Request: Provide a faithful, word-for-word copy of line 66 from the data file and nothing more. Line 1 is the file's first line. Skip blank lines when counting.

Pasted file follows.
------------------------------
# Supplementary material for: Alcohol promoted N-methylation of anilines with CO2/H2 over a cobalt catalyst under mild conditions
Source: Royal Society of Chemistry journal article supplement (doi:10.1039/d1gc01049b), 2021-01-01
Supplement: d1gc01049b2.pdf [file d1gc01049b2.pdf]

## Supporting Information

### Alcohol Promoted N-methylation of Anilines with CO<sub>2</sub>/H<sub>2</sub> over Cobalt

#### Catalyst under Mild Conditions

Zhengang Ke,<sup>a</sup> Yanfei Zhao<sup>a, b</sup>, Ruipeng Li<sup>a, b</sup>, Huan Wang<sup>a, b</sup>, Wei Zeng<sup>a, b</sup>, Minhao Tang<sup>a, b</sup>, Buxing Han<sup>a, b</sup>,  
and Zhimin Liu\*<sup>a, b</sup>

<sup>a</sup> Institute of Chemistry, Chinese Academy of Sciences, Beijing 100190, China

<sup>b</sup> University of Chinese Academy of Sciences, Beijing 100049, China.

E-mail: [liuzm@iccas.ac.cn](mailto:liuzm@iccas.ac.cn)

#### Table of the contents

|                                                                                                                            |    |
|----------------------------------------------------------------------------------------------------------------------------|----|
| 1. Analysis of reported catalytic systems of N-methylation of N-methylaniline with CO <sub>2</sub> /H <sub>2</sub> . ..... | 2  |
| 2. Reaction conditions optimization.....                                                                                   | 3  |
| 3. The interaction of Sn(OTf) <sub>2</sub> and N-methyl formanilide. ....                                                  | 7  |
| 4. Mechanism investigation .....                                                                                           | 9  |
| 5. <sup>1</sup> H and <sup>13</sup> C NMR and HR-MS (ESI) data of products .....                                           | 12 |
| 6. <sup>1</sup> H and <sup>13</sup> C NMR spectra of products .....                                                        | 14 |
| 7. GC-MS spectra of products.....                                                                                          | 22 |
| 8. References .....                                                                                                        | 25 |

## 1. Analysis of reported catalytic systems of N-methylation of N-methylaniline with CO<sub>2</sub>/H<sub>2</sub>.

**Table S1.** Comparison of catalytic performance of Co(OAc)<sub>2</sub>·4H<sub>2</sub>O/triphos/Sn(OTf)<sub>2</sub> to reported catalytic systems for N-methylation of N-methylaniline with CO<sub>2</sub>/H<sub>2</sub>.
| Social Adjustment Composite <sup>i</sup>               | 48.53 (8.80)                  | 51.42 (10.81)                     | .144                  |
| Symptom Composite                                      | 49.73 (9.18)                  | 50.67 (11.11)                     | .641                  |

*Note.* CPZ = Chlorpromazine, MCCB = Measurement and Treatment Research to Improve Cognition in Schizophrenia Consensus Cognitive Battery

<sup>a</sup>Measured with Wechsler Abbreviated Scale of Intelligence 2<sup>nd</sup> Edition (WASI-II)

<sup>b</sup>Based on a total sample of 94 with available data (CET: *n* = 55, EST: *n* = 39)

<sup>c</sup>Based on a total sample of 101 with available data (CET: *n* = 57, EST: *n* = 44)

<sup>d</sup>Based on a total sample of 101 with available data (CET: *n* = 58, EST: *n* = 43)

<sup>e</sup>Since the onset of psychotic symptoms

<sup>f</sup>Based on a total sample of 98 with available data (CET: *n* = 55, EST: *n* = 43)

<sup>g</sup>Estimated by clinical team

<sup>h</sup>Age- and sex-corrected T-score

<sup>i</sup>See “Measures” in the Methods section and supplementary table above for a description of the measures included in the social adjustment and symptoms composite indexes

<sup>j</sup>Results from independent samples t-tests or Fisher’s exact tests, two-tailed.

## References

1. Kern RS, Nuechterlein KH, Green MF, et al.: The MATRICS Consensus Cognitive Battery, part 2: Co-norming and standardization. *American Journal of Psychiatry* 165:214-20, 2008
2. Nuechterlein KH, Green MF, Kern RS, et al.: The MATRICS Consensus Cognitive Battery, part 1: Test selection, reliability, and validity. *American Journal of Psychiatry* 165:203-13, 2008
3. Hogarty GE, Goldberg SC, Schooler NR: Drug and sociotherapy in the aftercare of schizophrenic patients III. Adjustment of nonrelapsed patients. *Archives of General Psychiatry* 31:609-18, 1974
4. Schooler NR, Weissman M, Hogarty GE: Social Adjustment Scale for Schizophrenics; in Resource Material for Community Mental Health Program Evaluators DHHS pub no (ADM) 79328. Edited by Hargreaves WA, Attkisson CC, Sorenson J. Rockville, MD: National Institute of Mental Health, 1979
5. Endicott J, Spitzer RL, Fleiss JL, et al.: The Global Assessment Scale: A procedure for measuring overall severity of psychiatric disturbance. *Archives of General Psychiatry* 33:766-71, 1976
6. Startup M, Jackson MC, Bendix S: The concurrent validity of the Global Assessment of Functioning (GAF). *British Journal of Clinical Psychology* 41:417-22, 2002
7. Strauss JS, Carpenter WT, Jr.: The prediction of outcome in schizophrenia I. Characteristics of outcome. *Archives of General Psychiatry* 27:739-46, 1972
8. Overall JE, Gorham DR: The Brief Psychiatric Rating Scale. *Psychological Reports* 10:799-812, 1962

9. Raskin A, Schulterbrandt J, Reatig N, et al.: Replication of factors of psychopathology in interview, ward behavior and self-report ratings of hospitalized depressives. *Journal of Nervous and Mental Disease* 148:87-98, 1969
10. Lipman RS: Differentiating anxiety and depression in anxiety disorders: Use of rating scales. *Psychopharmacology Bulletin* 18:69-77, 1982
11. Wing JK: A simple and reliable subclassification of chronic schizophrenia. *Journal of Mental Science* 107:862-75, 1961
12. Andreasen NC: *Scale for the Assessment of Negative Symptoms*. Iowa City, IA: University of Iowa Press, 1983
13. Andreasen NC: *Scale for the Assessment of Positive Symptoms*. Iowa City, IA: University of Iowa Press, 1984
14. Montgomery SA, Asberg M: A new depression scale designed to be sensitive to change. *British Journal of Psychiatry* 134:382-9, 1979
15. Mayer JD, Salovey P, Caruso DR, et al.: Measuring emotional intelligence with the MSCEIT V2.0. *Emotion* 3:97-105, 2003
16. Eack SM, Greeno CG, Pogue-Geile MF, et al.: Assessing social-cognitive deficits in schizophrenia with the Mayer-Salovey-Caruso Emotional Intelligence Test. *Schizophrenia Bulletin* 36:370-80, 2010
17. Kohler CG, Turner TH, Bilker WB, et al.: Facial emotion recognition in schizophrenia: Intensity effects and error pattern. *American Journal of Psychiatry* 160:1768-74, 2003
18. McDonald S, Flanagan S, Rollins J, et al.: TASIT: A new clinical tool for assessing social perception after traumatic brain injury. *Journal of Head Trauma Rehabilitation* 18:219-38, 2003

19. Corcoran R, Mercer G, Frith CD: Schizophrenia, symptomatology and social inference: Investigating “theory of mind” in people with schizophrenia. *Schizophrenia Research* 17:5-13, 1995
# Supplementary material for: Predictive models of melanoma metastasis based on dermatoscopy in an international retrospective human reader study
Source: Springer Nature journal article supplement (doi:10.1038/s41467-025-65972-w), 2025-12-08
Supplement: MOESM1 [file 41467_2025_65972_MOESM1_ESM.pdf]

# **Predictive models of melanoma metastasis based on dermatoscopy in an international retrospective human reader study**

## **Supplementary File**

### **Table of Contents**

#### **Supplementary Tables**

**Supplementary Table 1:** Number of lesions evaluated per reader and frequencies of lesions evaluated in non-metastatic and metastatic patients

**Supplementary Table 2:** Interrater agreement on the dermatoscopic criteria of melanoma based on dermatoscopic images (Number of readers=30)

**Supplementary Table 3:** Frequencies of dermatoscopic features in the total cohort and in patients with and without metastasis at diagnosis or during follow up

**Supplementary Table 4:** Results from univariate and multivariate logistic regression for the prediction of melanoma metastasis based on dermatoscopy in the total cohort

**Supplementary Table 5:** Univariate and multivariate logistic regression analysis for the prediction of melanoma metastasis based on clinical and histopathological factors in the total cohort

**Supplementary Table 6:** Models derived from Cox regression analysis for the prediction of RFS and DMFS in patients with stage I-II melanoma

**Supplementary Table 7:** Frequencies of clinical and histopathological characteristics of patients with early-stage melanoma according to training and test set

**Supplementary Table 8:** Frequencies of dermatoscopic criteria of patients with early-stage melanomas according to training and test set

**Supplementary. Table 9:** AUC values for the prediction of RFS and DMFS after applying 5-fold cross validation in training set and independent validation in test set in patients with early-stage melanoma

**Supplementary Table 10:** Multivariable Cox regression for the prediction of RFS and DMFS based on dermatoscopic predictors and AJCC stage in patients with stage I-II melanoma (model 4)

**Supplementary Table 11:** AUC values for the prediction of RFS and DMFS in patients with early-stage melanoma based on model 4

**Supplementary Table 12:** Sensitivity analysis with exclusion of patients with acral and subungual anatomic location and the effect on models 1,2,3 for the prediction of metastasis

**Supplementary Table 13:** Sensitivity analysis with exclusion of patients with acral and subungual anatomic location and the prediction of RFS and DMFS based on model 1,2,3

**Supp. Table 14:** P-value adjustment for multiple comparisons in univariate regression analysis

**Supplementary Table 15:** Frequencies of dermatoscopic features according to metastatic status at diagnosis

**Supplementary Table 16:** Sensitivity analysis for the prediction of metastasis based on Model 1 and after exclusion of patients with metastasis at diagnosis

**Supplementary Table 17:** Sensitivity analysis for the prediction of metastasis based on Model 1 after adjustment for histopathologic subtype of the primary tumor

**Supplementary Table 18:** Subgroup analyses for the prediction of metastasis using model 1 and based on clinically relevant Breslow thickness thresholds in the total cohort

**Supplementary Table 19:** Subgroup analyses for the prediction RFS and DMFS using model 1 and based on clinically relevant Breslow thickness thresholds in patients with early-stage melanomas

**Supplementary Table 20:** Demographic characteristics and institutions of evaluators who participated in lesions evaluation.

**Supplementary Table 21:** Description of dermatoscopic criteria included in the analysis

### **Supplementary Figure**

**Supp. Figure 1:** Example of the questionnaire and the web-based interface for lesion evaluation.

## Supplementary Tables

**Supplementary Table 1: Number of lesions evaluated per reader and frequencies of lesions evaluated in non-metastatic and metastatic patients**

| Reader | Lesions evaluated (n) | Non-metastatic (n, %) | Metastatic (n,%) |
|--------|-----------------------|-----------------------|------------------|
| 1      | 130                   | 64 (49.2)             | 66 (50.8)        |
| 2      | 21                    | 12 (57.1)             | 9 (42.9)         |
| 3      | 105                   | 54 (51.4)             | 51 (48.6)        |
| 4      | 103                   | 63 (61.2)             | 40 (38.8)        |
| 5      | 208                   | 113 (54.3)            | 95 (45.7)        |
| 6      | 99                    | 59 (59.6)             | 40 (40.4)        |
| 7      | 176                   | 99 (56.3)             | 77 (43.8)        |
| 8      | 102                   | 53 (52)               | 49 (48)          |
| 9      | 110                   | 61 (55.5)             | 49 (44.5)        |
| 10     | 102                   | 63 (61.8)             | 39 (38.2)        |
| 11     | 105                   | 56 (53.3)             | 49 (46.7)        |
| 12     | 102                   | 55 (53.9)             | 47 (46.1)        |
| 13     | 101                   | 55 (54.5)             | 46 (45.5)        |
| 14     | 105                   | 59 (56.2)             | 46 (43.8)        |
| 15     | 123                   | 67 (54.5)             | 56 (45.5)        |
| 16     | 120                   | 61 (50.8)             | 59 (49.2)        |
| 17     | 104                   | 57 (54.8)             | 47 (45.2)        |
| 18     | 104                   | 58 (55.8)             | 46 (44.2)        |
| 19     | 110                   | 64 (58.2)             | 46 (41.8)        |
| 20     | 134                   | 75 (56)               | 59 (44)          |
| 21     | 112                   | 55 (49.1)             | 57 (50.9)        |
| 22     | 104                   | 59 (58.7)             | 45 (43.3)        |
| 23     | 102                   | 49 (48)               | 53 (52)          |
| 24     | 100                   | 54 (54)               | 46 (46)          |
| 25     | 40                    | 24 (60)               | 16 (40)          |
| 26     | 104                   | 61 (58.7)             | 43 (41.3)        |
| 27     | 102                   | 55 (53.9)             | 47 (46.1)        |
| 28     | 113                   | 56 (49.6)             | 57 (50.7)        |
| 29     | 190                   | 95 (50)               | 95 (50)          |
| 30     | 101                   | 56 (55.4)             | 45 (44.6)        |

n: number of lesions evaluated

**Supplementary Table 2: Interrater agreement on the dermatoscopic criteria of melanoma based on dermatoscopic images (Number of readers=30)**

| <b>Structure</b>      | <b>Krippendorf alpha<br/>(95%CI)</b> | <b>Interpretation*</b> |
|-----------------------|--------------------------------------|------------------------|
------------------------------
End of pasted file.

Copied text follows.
**Supplementary Table 2:** Interrater agreement on the dermatoscopic criteria of melanoma based on dermatoscopic images (Number of readers=30)